The redrawing of the criteria for associate membership of the European Commission’s next research framework programme could offer the UK a “solution” for accessing continental grants and collaborations post-Brexit, a sector leader has said.
The reforms are likely to be aimed at expanding the number of countries whose academics are eligible to bid for grants from the successor scheme to Horizon 2020, currently known as Framework Programme 9, although there are no details yet about how the membership criteria could change.
However, the changes could have significant implications as UK negotiators consider the country’s future relationship with the European Union’s research system, which is currently the source of £1.2 billion of annual funding for British universities.
There are now 16 non-EU countries “associated” with Horizon 2020 that contribute funding and subscribe to other requirements – including, in some cases, freedom of movement and accepting the jurisdiction of the European Court of Justice in disputes – in return for being able to bid for grants and lead research projects.
Previously, only nations attempting to join the EU or those falling within the catchment of the European Neighbourhood Policy, to the east and south of Europe, have become associated members.
But the review of membership criteria has reportedly been triggered by a report requested by the commission, LAB-FAB-APP: Investing in the European Future We Want, which called for framework programmes to be open “to association by the best and participation by all”, based on “reciprocal co-funding or access to funding in the partner country”.
Last month’s report, issued by an independent high-level group of experts chaired by Pascal Lamy, former director general of the World Trade Organisation, named Canada and Australia as “trading partners of a similar level of excellence” that could be invited to participate.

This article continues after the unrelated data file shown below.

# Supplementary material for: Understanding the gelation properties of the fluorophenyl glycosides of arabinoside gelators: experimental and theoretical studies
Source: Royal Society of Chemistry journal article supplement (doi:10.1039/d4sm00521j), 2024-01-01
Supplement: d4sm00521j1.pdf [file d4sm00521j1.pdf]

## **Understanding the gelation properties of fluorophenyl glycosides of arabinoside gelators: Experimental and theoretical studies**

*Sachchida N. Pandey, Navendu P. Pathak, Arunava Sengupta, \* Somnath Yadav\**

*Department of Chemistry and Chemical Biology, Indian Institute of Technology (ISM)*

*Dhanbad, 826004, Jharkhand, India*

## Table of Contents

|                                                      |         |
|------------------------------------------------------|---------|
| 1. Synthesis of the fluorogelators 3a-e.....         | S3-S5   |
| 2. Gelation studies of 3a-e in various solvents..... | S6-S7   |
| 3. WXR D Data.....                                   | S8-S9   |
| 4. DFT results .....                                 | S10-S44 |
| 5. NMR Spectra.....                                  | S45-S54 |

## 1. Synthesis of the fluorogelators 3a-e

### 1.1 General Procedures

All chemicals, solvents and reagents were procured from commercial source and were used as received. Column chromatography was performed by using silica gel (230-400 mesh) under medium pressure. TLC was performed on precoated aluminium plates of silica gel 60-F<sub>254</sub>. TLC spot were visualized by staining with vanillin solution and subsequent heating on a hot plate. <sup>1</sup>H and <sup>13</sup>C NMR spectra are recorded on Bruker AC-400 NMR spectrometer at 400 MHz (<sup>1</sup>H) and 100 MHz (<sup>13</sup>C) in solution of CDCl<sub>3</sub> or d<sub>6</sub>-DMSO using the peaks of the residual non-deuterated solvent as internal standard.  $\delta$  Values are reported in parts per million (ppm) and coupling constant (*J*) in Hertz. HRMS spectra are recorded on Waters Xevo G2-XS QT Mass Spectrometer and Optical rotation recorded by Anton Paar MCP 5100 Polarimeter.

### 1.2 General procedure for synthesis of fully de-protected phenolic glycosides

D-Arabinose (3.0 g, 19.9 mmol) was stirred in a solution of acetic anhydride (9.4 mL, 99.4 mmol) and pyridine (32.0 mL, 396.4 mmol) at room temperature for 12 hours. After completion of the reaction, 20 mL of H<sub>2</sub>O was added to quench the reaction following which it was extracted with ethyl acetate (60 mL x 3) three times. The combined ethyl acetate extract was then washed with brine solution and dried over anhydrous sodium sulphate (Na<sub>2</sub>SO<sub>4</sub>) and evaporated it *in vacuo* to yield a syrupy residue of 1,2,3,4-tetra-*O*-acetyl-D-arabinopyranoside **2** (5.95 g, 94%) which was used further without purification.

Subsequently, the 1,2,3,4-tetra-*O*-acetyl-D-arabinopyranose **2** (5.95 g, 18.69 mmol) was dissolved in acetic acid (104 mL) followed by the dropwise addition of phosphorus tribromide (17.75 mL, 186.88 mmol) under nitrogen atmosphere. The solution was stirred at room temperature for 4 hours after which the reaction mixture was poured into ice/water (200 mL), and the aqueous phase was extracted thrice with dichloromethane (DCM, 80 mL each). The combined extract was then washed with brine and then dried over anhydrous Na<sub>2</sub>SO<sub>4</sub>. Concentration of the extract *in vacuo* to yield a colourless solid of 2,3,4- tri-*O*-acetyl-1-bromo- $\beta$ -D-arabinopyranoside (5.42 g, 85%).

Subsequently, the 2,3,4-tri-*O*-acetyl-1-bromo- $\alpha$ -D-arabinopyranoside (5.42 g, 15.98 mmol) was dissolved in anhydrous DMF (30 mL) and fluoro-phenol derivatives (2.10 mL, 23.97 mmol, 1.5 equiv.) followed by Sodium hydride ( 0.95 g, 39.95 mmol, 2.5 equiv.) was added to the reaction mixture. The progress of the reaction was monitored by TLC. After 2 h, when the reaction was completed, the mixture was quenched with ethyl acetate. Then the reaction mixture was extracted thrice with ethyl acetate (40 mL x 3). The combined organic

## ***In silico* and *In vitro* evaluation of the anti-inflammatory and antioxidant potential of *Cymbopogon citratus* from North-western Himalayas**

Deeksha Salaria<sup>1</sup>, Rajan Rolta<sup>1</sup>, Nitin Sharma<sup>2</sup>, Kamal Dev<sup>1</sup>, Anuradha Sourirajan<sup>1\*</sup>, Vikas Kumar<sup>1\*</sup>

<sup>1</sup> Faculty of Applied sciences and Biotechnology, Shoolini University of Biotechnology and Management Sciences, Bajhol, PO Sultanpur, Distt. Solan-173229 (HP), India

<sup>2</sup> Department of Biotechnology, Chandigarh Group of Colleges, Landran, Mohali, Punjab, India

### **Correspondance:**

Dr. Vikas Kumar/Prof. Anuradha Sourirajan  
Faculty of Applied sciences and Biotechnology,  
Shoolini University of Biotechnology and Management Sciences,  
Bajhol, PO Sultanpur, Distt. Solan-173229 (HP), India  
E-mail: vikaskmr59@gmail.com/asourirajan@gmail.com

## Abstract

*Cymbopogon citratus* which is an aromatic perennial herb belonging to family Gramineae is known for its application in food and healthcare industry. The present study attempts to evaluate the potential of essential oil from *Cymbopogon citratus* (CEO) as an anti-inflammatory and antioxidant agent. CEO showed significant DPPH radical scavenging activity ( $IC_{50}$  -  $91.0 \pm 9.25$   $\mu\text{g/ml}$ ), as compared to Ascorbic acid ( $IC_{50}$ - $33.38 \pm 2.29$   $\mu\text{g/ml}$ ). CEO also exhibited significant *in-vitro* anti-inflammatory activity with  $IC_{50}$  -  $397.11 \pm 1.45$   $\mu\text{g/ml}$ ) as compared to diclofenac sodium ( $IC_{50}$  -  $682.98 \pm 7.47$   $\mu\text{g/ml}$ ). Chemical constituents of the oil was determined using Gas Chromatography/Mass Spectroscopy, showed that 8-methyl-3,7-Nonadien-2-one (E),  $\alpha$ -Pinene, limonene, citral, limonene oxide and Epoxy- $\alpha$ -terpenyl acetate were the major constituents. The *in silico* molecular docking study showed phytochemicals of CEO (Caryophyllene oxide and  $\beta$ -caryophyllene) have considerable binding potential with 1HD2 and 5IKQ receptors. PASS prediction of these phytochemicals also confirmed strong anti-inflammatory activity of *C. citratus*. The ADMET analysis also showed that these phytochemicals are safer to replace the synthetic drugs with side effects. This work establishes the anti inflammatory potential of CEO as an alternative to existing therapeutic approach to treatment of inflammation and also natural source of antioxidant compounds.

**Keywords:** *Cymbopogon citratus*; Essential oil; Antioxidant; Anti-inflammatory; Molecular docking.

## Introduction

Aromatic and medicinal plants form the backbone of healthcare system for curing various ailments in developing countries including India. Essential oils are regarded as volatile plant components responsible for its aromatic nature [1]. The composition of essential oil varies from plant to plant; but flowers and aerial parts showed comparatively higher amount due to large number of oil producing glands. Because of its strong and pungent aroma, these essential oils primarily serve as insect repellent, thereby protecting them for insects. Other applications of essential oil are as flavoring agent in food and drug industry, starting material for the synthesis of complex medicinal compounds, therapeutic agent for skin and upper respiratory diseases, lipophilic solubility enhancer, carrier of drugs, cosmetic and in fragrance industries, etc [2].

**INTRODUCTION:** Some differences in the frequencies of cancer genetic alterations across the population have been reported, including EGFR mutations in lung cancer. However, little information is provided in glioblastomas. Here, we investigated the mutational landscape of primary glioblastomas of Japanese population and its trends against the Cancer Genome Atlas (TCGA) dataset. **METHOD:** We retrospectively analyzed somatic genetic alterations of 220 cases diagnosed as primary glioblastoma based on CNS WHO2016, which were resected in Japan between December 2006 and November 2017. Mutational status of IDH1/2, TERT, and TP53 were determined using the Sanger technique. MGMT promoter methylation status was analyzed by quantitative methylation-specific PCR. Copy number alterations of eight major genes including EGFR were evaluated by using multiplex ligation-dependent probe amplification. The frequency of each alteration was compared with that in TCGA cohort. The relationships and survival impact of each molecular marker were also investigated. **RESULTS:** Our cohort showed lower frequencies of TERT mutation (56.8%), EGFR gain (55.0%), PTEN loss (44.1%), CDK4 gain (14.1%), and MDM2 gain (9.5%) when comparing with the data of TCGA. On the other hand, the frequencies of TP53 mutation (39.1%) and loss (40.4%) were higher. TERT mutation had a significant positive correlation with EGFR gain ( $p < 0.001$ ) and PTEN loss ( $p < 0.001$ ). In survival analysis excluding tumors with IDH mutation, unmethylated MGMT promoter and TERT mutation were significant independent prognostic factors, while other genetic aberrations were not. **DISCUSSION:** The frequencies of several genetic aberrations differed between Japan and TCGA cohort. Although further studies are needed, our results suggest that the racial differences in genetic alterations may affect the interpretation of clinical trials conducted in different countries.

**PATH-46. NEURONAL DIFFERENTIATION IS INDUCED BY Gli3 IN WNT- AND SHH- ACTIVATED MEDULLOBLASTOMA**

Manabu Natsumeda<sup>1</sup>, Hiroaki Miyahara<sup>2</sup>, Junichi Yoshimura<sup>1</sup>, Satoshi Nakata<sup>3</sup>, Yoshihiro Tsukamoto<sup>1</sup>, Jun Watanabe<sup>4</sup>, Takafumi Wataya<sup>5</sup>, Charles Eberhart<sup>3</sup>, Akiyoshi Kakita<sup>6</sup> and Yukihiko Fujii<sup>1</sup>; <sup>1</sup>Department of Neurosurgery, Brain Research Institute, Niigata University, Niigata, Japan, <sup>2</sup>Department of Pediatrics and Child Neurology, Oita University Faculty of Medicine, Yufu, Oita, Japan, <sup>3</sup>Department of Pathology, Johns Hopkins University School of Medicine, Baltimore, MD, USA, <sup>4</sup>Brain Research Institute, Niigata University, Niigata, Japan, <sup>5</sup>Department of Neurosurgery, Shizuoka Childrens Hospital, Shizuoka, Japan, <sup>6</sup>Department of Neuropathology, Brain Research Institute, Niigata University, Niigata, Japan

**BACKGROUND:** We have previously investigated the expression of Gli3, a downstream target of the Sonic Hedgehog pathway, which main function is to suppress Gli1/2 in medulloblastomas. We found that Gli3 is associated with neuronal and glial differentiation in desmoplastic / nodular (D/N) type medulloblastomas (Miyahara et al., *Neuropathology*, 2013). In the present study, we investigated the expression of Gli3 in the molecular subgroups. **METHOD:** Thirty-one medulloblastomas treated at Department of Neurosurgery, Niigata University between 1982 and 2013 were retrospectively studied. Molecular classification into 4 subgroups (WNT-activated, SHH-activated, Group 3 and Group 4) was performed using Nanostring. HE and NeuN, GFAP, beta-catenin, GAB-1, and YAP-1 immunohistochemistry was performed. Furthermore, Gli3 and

Such a move might reduce the emphasis on subscription to free movement as a requirement and could offer the UK a way to stay in the framework programme without having to accept free movement.
Kurt Deketelaere, secretary general of the League of European Research Universities, told Times Higher Education that changing the associated membership criteria “has been mentioned several times by leading persons” within the Commission, including Robert-Jan Smits, director general for research and innovation.
“There aren’t any documents on this yet, but if it goes hand in hand with the adoption of Framework Programme 9, this could be a potential solution for the UK,” he added.
Professor Deketelaere said that the commission has been “hiding” any details on exactly how the association criteria could change “very well”.
He added that Brexit has not sparked the discussion. Instead, proponents argue that changing the criteria could offer a fix for the drop in international collaboration seen during Horizon 2020 compared with its predecessor, Framework Programme 7.
This reduction is largely down to the commission’s changing the funding available to emerging economies hoping to participate in collaborations, such as Brazil, Russia, India and China.
Ultimately, the UK’s future participation in EU research is likely to be shaped by the progress of Brexit negotiations on broad issues such as trade, as well as by entry criteria.
But Professor Deketelaere added that if changing the criteria encourages other countries that excel in research to join the next framework programme, it will “improve the situation for the EU science” at a time when Brexit threatens it.
It also puts pressure on the UK to remain associated with the scheme. “Through this redefined associate membership, [the UK] also could reinforce its links with other countries worldwide, not only with the EU,” he said.
A commission spokeswoman said that it would respond to the recommendations of LAB-FAB-APP later this year. Details of the successor programme to Horizon 2020 are due to be presented to the commission next year, she added.